Will the Winter Olympics get more attention than people say and if not, is it a public relations issue?
It’s interesting that I hear and see people asking others if they are going to watch the Winter Olympics. A recent poll revealed that just 20 percent of Americans plan to make the Games a viewing priority. I found that number surprising since when it comes to the Summer Games, watching seems to be a foregone conclusion, especially with sports fans.
So, why the difference, or indifference, when it comes to the likes of competitive skiing, ice-skating and luge?
While I can’t answer this definitively, I can say that based on reports from Vancouver, site of this year’s Winter Olympics, challenges abound. There are cuts in NBC Sports’ staff (the network that owns the United States broadcast rights) from previous years, reports that the same company expects to lose money, the event’s covergirl, ski racer, Lindey Vonn is injured with a bruised shin and as of this writing, will try to compete, and from Michael Wilbon on “PTI”, maybe the Games have lost their luster.
One of the biggest public relations challenges this year will be push-and-pull of news that comes out of Vancouver. As we well know, social media has taken a front-row seat at sports events, which could pose a problem for NBC as it plans to again air some events on a tape-delay basis, even though it will share events and results across the NBC Universal family of stations (USA, CNBC, MSNBC, NBC and NBCOlympics.com). The same programming issue plagued the network during the past few Games broadcasts, especially when they were held outside of North America, which obviously isn’t a concern this year. Tape-delay or live-to-tape could become a subject of contention, however, because even since 2008’s Beijing Summer Games, society has come to expect events in real time via Twitter, Facebook and other Internet portals.
The best-case scenario for NBC and the Winter Olympics would be if Vonn recovers from her injury enough to ski competitively, that the ice hockey team is medal-competitive and athletes who have heart-tugging stories remain healthy.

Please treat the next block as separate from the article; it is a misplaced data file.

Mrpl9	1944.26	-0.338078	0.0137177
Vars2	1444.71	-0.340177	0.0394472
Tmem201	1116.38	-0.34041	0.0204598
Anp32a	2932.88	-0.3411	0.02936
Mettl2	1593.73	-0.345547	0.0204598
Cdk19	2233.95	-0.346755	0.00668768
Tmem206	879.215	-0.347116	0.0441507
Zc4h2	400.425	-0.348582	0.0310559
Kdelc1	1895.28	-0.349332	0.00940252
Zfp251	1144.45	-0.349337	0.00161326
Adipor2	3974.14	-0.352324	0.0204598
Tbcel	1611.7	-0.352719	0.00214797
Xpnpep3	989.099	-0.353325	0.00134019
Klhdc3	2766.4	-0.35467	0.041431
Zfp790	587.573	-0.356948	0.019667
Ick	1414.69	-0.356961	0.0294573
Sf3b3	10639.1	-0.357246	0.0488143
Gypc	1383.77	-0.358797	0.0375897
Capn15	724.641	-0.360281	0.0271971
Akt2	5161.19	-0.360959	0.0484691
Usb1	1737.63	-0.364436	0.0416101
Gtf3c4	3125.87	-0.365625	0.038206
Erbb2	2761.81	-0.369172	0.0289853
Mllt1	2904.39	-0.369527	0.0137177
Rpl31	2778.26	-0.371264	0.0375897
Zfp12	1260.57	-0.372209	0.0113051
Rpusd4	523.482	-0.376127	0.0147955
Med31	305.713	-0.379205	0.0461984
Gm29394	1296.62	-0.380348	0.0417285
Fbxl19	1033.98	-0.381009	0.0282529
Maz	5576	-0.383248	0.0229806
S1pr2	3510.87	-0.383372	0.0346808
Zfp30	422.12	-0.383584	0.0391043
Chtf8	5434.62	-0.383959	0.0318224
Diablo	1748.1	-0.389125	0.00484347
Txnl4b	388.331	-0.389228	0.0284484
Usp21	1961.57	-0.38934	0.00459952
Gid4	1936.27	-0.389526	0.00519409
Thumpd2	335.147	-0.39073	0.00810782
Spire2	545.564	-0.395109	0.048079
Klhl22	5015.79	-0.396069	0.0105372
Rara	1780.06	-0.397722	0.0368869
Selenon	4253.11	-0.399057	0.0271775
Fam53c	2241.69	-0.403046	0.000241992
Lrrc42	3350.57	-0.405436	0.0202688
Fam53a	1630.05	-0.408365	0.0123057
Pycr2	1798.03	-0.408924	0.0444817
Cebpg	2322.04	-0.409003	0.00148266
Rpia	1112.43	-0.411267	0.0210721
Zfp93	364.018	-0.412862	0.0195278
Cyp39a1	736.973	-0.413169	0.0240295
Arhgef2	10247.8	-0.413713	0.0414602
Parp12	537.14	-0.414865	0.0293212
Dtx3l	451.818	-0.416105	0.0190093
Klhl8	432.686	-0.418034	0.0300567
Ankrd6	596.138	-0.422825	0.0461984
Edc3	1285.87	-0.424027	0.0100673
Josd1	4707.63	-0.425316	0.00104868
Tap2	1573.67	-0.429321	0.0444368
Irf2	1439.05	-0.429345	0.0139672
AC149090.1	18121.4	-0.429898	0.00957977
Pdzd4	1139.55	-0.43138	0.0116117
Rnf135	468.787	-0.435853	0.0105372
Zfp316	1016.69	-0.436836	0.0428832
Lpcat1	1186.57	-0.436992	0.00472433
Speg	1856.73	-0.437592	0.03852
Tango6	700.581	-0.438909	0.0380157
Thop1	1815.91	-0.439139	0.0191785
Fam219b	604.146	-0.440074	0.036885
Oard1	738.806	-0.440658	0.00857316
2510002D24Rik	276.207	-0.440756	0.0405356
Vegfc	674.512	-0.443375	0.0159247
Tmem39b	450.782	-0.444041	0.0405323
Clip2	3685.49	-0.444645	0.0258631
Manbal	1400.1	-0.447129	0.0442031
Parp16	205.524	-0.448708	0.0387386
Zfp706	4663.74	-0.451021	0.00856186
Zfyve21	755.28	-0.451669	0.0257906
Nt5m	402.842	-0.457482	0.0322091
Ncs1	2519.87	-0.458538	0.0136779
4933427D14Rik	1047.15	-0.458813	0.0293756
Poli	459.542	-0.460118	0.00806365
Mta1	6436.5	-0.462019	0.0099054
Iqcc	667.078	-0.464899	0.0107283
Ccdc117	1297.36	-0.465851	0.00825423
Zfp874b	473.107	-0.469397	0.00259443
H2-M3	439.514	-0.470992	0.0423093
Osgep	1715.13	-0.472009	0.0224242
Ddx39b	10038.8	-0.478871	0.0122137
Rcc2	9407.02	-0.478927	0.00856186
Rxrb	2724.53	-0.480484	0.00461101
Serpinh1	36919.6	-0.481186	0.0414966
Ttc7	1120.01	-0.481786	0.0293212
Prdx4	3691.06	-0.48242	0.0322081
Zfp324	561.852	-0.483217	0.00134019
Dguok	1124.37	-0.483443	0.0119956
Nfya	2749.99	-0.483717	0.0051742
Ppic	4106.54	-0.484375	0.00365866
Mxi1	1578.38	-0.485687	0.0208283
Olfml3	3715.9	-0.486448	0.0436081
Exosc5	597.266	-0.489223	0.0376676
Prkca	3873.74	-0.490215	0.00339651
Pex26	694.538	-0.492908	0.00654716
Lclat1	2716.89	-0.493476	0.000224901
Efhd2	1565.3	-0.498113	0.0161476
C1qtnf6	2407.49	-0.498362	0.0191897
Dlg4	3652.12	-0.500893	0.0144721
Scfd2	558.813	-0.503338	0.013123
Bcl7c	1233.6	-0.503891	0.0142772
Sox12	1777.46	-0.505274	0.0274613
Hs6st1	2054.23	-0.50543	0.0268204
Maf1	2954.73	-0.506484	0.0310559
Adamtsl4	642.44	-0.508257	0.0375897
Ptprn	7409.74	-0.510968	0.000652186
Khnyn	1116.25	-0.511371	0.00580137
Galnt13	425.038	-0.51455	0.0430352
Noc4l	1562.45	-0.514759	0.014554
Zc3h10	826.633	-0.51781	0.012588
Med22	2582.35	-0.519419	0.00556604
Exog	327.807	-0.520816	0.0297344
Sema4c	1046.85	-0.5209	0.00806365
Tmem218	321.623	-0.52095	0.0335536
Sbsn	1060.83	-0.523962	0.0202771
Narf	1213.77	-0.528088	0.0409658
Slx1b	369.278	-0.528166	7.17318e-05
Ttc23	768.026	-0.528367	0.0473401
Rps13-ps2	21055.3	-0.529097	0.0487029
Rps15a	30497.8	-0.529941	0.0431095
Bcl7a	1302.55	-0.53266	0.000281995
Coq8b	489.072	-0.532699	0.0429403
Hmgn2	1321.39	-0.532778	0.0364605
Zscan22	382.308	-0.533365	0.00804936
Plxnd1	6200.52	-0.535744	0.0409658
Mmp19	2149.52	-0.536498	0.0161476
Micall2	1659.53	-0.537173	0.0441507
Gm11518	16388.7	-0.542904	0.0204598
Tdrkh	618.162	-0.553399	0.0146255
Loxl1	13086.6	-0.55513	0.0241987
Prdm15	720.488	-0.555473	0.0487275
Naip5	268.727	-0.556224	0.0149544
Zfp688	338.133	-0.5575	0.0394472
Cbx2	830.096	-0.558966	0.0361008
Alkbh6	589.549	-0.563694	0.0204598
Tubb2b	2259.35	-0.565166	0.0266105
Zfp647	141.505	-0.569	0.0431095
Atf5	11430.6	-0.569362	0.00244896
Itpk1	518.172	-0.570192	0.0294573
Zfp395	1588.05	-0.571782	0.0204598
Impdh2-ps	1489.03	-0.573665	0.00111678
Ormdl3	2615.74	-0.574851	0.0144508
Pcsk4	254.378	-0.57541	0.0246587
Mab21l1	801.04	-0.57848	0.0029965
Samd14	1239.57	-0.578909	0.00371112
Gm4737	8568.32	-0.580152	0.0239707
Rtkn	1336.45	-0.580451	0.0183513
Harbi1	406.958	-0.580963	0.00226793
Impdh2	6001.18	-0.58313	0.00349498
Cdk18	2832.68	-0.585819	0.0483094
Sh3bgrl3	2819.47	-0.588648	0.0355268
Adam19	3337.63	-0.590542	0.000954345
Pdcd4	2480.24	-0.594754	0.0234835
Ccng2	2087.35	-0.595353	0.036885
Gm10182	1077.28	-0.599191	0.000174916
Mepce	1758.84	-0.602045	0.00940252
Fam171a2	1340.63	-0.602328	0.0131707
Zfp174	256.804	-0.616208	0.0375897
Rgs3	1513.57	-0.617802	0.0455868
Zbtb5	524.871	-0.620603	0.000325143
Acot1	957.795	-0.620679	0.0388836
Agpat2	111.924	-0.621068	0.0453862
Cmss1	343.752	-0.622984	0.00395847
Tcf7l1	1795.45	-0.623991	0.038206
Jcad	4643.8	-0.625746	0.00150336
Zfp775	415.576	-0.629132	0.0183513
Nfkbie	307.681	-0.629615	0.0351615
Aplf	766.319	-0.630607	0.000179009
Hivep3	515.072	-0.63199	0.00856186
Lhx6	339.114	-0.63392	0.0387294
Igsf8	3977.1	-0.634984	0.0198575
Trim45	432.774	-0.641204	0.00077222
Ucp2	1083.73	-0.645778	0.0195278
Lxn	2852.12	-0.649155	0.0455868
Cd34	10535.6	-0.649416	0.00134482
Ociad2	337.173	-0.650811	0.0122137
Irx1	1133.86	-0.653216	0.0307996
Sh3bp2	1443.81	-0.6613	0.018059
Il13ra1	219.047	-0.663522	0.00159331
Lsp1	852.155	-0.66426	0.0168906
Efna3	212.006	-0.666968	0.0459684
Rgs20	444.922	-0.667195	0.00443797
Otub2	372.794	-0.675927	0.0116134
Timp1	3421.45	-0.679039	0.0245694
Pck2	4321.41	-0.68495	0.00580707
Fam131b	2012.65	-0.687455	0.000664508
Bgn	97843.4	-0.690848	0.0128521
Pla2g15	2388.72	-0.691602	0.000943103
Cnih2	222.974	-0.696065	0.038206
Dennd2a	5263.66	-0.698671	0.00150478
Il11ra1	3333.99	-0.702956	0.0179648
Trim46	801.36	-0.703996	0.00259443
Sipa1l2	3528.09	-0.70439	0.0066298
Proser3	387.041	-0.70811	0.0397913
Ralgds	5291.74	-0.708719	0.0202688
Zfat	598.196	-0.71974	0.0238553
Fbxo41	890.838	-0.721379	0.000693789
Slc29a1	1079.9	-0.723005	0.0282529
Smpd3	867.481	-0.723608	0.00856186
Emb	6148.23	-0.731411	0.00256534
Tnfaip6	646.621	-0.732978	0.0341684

As with all of the Olympics staged in the Television Era, stories will likely be the keys that pull in greater consumer numbers than in past years.
According to Dan Patrick, who is in Vancouver with NBC and spoke on his radio show this week, story packages typically target women. The thinking by the network is that guys will tune in and “get” the sports aspect, so the backstories that come out of the Games have to be thoughtful and gripping enough to rein women into the viewing mix.
As a sports fan and someone who admires the sacrifices so many Olympic athletes make, I’ll watch. However, I’m not a cold-weather sports fan, and the idea of looking at more snow than what lies outside my door is not as enticing to me as watching people twist and maneuver their bodies as they fall flawlessly into the water from diving boards. Like many of you I will watch in wonder at the speed of skaters, skiers and lugers, wonder how a figure-skater can spin so many times without throwing up, and ask how curling is really a sport.
It’ll be fun. Really. Please pass my Snuggie and the hot chocolate…